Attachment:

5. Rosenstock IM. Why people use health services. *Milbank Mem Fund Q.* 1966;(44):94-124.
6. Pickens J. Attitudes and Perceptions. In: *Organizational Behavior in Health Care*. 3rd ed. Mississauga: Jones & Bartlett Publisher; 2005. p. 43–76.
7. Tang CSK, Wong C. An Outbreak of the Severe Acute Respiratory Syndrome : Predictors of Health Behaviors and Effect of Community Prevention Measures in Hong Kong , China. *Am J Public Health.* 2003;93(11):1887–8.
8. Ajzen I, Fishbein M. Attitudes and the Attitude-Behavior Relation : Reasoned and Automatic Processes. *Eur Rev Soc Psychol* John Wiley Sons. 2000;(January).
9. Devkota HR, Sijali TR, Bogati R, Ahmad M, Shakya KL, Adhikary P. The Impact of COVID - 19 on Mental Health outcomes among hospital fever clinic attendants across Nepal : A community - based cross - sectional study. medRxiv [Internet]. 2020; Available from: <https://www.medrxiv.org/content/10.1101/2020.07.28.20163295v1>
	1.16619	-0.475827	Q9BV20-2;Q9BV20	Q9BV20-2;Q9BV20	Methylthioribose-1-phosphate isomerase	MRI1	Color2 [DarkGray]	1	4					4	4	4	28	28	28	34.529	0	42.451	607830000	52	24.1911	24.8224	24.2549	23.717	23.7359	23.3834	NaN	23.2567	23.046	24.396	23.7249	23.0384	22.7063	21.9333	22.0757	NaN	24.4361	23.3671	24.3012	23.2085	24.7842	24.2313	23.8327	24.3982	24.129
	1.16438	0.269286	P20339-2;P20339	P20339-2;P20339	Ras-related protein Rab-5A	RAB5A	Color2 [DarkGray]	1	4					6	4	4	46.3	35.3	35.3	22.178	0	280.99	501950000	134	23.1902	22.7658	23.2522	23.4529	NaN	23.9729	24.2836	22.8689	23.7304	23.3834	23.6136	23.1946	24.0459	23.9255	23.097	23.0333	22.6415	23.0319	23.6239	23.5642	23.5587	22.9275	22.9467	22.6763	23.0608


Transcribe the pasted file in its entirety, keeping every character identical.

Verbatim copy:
5. Rosenstock IM. Why people use health services. *Milbank Mem Fund Q.* 1966;(44):94-124.
6. Pickens J. Attitudes and Perceptions. In: *Organizational Behavior in Health Care*. 3rd ed. Mississauga: Jones & Bartlett Publisher; 2005. p. 43–76.
7. Tang CSK, Wong C. An Outbreak of the Severe Acute Respiratory Syndrome : Predictors of Health Behaviors and Effect of Community Prevention Measures in Hong Kong , China. *Am J Public Health.* 2003;93(11):1887–8.
8. Ajzen I, Fishbein M. Attitudes and the Attitude-Behavior Relation : Reasoned and Automatic Processes. *Eur Rev Soc Psychol* John Wiley Sons. 2000;(January).
9. Devkota HR, Sijali TR, Bogati R, Ahmad M, Shakya KL, Adhikary P. The Impact of COVID - 19 on Mental Health outcomes among hospital fever clinic attendants across Nepal : A community - based cross - sectional study. medRxiv [Internet]. 2020; Available from: <https://www.medrxiv.org/content/10.1101/2020.07.28.20163295v1>
	1.16619	-0.475827	Q9BV20-2;Q9BV20	Q9BV20-2;Q9BV20	Methylthioribose-1-phosphate isomerase	MRI1	Color2 [DarkGray]	1	4					4	4	4	28	28	28	34.529	0	42.451	607830000	52	24.1911	24.8224	24.2549	23.717	23.7359	23.3834	NaN	23.2567	23.046	24.396	23.7249	23.0384	22.7063	21.9333	22.0757	NaN	24.4361	23.3671	24.3012	23.2085	24.7842	24.2313	23.8327	24.3982	24.129
	1.16438	0.269286	P20339-2;P20339	P20339-2;P20339	Ras-related protein Rab-5A	RAB5A	Color2 [DarkGray]	1	4					6	4	4	46.3	35.3	35.3	22.178	0	280.99	501950000	134	23.1902	22.7658	23.2522	23.4529	NaN	23.9729	24.2836	22.8689	23.7304	23.3834	23.6136	23.1946	24.0459	23.9255	23.097	23.0333	22.6415	23.0319	23.6239	23.5642	23.5587	22.9275	22.9467	22.6763	23.0608